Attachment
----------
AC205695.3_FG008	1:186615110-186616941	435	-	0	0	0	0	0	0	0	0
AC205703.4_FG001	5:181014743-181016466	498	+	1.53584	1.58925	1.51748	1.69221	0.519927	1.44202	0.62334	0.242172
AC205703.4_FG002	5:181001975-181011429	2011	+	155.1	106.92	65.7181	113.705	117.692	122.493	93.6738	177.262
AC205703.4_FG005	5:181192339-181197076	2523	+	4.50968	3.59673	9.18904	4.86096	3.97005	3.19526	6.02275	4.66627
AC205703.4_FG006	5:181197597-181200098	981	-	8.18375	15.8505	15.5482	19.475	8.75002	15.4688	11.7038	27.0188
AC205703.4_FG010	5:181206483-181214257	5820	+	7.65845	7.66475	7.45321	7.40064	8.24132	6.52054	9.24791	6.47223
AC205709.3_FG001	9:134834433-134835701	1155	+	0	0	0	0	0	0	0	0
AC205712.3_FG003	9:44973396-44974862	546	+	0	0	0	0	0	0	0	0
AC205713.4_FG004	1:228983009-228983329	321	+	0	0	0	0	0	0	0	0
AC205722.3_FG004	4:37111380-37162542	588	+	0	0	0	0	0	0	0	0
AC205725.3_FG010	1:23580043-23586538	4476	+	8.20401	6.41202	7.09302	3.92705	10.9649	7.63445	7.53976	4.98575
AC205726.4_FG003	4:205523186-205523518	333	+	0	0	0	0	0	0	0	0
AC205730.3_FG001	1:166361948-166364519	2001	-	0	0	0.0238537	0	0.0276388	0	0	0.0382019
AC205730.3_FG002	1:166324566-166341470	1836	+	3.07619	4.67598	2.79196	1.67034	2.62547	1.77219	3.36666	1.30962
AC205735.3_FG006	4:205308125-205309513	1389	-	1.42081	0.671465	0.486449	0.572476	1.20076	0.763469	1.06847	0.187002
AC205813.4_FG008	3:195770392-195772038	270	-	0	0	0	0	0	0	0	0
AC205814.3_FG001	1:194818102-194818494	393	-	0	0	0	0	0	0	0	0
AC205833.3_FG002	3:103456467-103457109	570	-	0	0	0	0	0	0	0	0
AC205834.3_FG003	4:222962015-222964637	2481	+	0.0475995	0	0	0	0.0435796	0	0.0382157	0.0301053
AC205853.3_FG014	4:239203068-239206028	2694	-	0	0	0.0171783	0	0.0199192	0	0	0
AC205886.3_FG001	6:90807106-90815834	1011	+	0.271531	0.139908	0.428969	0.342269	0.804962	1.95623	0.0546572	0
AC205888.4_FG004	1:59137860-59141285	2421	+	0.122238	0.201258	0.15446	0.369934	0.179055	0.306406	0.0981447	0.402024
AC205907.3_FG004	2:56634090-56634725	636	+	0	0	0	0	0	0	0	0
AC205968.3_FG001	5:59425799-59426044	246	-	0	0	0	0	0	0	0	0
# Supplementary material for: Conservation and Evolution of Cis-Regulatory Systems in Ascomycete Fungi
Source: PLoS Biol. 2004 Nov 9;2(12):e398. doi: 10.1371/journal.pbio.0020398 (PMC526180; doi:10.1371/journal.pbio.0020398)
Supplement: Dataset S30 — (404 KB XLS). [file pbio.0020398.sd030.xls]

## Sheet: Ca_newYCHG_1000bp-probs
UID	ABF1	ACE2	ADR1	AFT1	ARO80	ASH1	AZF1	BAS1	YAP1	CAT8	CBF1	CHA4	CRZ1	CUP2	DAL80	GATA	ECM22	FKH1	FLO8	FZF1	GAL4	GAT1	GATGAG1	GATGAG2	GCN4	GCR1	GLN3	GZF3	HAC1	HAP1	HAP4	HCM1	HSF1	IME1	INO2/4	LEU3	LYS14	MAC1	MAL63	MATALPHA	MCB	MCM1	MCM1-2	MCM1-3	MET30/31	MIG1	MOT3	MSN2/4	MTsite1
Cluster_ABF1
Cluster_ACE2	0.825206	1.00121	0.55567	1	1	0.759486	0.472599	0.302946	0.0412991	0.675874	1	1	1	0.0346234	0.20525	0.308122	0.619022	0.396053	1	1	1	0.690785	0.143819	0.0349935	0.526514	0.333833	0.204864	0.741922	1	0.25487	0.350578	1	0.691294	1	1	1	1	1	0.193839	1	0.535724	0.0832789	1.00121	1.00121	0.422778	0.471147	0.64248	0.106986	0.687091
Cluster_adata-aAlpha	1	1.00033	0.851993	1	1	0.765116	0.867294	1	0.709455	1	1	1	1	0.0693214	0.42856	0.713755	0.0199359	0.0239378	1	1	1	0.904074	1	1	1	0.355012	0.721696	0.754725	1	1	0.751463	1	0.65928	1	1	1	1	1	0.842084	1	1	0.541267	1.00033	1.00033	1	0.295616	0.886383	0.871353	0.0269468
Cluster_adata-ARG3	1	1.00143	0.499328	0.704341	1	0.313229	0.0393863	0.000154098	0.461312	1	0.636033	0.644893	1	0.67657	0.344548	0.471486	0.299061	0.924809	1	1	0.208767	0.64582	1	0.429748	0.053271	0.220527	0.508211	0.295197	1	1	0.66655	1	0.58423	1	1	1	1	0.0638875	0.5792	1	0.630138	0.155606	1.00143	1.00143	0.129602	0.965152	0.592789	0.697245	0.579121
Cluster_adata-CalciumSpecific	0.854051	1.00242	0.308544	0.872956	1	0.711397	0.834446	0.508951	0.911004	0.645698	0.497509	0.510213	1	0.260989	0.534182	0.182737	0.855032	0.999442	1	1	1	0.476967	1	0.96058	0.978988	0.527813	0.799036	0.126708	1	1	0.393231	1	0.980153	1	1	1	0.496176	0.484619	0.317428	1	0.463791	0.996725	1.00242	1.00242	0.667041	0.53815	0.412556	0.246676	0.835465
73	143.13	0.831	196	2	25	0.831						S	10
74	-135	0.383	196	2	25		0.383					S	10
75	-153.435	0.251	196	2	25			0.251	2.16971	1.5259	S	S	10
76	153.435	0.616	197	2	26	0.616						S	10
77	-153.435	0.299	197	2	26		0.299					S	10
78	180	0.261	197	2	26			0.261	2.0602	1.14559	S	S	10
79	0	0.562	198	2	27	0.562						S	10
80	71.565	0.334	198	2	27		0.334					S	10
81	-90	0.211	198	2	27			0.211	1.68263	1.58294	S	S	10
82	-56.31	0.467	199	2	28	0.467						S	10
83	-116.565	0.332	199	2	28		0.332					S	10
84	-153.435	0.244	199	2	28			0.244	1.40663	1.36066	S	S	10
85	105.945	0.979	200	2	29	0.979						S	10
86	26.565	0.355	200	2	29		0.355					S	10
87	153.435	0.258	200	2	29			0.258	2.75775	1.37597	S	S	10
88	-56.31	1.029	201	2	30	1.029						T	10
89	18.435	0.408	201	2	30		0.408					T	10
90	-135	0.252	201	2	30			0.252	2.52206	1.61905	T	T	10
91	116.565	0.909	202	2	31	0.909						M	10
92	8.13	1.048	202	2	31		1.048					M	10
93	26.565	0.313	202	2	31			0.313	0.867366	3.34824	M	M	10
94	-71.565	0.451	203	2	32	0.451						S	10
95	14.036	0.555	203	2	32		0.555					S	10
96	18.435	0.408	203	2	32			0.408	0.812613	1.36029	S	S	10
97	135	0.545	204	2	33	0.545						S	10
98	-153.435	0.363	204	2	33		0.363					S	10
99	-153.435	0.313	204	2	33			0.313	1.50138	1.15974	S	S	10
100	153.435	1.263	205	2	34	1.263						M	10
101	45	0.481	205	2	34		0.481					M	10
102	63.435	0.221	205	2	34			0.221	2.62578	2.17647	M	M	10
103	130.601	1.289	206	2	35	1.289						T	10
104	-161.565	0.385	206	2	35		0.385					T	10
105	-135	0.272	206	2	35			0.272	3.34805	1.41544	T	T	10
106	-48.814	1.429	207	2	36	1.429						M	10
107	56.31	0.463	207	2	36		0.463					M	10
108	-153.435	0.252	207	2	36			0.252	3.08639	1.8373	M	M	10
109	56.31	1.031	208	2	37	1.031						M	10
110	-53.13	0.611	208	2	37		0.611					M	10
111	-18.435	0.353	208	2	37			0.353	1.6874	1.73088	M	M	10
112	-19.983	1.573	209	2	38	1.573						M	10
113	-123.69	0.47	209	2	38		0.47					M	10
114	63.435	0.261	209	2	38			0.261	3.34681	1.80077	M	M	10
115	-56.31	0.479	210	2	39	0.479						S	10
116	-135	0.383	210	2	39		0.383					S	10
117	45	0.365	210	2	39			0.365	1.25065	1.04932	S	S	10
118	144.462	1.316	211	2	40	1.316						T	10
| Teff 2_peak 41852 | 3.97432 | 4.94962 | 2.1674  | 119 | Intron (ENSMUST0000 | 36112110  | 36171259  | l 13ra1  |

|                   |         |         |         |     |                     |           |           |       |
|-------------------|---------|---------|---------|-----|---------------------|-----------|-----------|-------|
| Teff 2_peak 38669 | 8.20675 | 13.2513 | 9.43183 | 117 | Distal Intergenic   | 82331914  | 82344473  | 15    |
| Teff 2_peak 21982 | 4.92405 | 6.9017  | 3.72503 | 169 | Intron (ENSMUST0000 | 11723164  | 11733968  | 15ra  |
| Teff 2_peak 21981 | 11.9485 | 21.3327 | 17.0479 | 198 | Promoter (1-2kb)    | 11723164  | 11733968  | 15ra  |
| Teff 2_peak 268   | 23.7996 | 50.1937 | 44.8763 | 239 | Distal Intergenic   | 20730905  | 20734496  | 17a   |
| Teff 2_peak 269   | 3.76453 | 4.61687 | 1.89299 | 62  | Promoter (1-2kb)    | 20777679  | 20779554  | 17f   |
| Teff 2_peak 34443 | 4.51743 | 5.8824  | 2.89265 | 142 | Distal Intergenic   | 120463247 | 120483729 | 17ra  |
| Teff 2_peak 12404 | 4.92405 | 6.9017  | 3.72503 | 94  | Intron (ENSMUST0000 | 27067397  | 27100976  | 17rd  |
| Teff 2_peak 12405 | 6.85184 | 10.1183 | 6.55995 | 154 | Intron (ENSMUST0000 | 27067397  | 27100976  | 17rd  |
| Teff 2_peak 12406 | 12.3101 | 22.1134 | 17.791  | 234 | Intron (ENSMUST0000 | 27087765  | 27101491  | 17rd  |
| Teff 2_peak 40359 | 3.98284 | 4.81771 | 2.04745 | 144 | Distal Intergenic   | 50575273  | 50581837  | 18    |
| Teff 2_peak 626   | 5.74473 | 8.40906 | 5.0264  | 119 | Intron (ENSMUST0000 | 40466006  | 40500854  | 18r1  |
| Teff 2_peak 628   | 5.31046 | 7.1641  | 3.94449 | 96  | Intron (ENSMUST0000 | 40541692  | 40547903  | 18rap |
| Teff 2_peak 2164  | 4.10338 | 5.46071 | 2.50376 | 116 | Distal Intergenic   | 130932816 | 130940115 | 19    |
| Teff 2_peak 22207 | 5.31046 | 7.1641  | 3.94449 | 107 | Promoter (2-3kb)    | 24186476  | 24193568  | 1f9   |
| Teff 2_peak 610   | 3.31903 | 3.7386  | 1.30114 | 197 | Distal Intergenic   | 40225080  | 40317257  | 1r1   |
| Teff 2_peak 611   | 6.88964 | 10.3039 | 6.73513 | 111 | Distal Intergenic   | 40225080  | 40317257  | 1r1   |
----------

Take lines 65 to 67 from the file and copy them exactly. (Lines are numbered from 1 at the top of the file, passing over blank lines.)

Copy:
103	130.601	1.289	206	2	35	1.289						T	10
104	-161.565	0.385	206	2	35		0.385					T	10
105	-135	0.272	206	2	35			0.272	3.34805	1.41544	T	T	10